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GRANTS OF PLAN-BASED AWARDS

The following table provides information for each of the Named Executive Officers regarding 2010 grants of annual incentive awards, restricted shares, earned performance shares and stock options.

 

Name

  Grant
Date
  Estimated Future Payouts Under
Non-Equity Incentive Plan
Awards(1)
    All  Other
Stock
Awards:
Number  of
Shares of
Stock or
Awards
(#)(2)
    All  Other
Option
Awards:
Number of
Securities
Underlying
Options
(#)(3)
    Exercise
or Base
Price of
Option
Awards
($/Sh)
    Grant
Date Fair
Value of
Stock and
Option
Awards
($)
 
    Threshold
($)
    Target
($)
    Maximum
($)
         

David L. Starling

  N/A   $ 267,389      $ 534,778      $ 1,069,556           
  03/01/2010           12,151        20,600      $ 35.41      $ 759,002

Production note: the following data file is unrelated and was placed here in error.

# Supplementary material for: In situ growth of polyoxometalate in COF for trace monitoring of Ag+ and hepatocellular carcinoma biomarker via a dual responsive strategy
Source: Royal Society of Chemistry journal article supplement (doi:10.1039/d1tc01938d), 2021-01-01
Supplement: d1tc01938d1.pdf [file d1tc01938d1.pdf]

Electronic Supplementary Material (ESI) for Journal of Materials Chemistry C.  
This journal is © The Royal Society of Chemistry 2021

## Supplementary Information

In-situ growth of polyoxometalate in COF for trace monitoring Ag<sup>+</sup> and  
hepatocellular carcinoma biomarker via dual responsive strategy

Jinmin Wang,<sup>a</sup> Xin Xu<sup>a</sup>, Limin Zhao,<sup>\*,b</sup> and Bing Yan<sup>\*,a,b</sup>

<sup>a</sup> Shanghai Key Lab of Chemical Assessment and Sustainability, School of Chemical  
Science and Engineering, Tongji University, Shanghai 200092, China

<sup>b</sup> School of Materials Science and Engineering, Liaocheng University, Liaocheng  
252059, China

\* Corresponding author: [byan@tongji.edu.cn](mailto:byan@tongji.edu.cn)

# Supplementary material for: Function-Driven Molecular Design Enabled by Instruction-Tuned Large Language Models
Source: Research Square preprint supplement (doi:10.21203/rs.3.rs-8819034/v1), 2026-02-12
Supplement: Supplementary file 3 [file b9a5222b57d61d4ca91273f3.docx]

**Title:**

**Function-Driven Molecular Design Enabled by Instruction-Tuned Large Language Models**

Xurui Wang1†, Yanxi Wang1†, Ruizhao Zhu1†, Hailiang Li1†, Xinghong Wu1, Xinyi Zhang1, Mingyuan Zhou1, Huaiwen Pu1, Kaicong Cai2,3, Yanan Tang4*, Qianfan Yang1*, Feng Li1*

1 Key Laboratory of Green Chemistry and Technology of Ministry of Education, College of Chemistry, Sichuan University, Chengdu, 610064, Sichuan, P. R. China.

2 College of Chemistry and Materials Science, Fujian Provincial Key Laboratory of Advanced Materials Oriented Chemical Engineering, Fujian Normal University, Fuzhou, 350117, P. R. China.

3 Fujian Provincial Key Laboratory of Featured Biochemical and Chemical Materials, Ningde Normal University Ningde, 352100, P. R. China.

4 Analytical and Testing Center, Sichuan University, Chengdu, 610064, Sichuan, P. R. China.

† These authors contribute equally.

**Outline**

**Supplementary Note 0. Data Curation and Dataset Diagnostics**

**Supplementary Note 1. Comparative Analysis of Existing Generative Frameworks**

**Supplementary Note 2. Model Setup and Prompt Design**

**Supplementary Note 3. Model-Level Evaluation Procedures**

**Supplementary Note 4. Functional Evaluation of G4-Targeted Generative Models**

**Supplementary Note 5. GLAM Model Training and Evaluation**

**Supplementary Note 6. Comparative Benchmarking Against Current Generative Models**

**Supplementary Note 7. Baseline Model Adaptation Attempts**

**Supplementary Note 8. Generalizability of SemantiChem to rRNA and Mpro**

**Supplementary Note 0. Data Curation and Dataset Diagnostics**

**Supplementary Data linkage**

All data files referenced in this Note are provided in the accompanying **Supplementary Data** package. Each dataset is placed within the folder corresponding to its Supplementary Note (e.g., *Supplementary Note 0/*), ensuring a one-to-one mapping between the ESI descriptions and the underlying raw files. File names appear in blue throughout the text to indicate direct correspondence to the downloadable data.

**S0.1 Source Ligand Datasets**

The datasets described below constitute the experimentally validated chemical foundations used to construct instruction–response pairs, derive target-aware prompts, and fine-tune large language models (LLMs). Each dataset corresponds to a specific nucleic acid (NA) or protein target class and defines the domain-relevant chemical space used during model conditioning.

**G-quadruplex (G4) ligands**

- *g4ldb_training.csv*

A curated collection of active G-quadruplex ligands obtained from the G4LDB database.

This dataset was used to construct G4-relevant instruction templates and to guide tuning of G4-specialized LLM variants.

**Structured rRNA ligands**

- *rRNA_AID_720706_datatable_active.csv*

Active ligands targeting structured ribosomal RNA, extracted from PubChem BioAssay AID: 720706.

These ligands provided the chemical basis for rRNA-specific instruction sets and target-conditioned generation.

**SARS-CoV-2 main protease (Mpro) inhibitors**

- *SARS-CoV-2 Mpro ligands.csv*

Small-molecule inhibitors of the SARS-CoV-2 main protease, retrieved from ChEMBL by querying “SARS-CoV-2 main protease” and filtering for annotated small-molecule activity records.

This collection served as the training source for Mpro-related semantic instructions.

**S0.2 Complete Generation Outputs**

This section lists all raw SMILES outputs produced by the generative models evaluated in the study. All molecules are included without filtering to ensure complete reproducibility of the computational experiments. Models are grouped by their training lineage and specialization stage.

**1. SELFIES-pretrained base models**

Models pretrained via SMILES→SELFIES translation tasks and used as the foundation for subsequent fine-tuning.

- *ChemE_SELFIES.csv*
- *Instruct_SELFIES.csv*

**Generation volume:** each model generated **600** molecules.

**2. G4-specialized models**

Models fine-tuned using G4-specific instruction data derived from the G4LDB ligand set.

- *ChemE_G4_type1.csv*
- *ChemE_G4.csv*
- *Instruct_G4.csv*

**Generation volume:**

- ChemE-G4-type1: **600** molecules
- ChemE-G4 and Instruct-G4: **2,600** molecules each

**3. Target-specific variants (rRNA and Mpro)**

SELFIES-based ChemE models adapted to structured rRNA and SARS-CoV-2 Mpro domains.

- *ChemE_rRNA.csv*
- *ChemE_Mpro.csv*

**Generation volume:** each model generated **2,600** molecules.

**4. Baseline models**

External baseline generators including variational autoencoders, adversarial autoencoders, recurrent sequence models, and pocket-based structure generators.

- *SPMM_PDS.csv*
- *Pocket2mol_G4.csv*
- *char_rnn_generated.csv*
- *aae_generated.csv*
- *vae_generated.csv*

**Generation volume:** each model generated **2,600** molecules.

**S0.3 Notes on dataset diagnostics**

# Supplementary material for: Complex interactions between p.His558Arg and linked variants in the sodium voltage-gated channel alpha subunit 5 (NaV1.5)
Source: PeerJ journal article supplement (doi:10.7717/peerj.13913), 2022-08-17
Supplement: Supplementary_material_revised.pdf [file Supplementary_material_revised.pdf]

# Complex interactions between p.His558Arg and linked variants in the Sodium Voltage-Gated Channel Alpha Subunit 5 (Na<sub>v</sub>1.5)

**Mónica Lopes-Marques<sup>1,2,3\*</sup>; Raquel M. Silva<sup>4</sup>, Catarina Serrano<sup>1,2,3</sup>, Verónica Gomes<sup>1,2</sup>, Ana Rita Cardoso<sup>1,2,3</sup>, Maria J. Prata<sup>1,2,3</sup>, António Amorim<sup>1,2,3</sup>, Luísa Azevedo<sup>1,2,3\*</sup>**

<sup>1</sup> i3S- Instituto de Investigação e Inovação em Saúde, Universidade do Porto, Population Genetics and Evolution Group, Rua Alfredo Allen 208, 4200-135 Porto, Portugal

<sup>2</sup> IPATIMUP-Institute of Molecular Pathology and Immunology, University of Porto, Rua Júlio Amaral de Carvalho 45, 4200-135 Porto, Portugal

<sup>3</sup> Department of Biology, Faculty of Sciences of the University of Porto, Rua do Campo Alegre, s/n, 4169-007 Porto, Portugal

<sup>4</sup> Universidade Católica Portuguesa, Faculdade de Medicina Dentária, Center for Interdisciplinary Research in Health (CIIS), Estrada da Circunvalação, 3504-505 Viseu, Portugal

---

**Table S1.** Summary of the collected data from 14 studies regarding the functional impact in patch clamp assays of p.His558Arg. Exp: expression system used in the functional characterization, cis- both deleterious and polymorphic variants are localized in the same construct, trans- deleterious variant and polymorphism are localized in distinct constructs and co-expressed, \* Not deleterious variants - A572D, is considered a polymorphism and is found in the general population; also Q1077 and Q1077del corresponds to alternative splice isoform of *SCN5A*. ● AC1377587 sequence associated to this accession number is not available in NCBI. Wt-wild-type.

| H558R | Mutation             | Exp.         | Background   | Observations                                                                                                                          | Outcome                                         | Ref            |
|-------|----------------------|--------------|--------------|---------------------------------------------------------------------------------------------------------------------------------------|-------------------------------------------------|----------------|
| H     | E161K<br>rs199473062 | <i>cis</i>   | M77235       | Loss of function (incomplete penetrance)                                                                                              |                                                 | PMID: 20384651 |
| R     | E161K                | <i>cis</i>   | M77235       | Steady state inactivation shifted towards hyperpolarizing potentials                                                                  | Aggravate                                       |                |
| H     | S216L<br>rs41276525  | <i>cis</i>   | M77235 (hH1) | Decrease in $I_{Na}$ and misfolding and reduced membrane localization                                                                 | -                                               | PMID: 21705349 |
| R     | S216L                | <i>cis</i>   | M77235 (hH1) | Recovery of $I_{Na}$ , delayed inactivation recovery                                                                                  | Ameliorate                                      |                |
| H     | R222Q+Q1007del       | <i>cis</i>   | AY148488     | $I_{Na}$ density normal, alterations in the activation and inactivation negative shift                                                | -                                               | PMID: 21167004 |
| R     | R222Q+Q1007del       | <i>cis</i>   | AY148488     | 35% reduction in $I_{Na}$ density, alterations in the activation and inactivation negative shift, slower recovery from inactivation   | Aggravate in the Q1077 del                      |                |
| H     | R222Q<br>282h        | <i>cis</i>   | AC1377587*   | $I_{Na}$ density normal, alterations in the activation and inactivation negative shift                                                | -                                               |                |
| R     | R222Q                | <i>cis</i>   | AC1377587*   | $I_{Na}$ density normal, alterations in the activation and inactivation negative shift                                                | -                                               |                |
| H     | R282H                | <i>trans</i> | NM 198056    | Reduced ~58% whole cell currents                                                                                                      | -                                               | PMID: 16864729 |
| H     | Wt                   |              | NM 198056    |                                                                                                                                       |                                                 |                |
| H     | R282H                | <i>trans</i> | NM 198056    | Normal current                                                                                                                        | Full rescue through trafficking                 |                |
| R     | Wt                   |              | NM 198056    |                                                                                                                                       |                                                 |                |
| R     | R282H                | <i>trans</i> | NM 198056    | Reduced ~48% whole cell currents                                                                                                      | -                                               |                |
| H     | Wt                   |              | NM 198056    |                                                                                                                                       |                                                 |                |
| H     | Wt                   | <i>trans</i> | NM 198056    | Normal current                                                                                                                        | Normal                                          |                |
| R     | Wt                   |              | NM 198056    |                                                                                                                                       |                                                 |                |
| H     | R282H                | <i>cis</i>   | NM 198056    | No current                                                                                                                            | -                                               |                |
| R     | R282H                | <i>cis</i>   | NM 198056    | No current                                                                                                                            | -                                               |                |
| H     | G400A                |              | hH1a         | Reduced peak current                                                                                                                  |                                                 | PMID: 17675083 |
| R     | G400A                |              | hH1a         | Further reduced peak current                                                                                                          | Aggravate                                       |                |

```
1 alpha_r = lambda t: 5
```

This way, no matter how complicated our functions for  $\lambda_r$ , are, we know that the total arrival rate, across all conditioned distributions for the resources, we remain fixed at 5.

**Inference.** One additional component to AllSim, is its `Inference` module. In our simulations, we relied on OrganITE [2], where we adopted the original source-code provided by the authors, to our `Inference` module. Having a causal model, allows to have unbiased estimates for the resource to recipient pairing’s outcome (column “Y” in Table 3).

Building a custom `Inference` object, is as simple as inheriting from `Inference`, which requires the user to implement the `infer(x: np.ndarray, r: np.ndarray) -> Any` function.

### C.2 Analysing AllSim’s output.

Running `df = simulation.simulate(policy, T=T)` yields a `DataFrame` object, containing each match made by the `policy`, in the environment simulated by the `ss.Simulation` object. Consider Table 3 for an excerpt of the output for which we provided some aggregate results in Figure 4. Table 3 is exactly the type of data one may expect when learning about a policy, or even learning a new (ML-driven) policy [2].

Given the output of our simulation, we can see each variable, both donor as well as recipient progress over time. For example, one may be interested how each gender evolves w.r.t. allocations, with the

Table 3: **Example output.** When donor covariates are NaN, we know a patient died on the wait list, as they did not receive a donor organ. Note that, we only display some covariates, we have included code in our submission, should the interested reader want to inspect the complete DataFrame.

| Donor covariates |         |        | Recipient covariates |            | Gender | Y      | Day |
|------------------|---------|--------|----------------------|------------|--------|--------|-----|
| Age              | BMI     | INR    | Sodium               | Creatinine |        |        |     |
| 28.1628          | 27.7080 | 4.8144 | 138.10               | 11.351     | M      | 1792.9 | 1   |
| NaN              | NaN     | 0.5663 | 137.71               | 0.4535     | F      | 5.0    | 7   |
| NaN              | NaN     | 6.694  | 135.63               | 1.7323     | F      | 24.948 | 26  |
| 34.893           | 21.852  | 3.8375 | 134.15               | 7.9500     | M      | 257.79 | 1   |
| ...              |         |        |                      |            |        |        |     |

09/16/2010           40,000          $ 1,523,200   

Michael W. Upchurch

  N/A   $ 108,000      $ 216,000      $ 432,000           
  03/01/2010           7,320        13,700      $ 35.41      $ 477,826   

Michael R. Haverty

  N/A   $ 301,344      $ 602,688      $ 1,205,376           
  03/01/2010           27,336        49,200      $ 35.41      $ 1,753,101   

José Guillermo Zozaya Delano

  N/A   $ 110,295 (4)    $ 220,589 (4)    $ 441,178 (4)         
  03/01/2010           6,500        13,700      $ 35.41      $ 448,789   

Patrick J. Ottensmeyer

  N/A   $ 119,352      $ 238,704      $ 477,408           
  03/01/2010           8,066        13,700      $ 35.41      $ 504,241   

Warren K. Erdman

  N/A   $ 96,250      $ 192,500      $ 385,000           
  03/01/2010           6,213        11,400      $ 35.41      $ 401,924   

 

(1)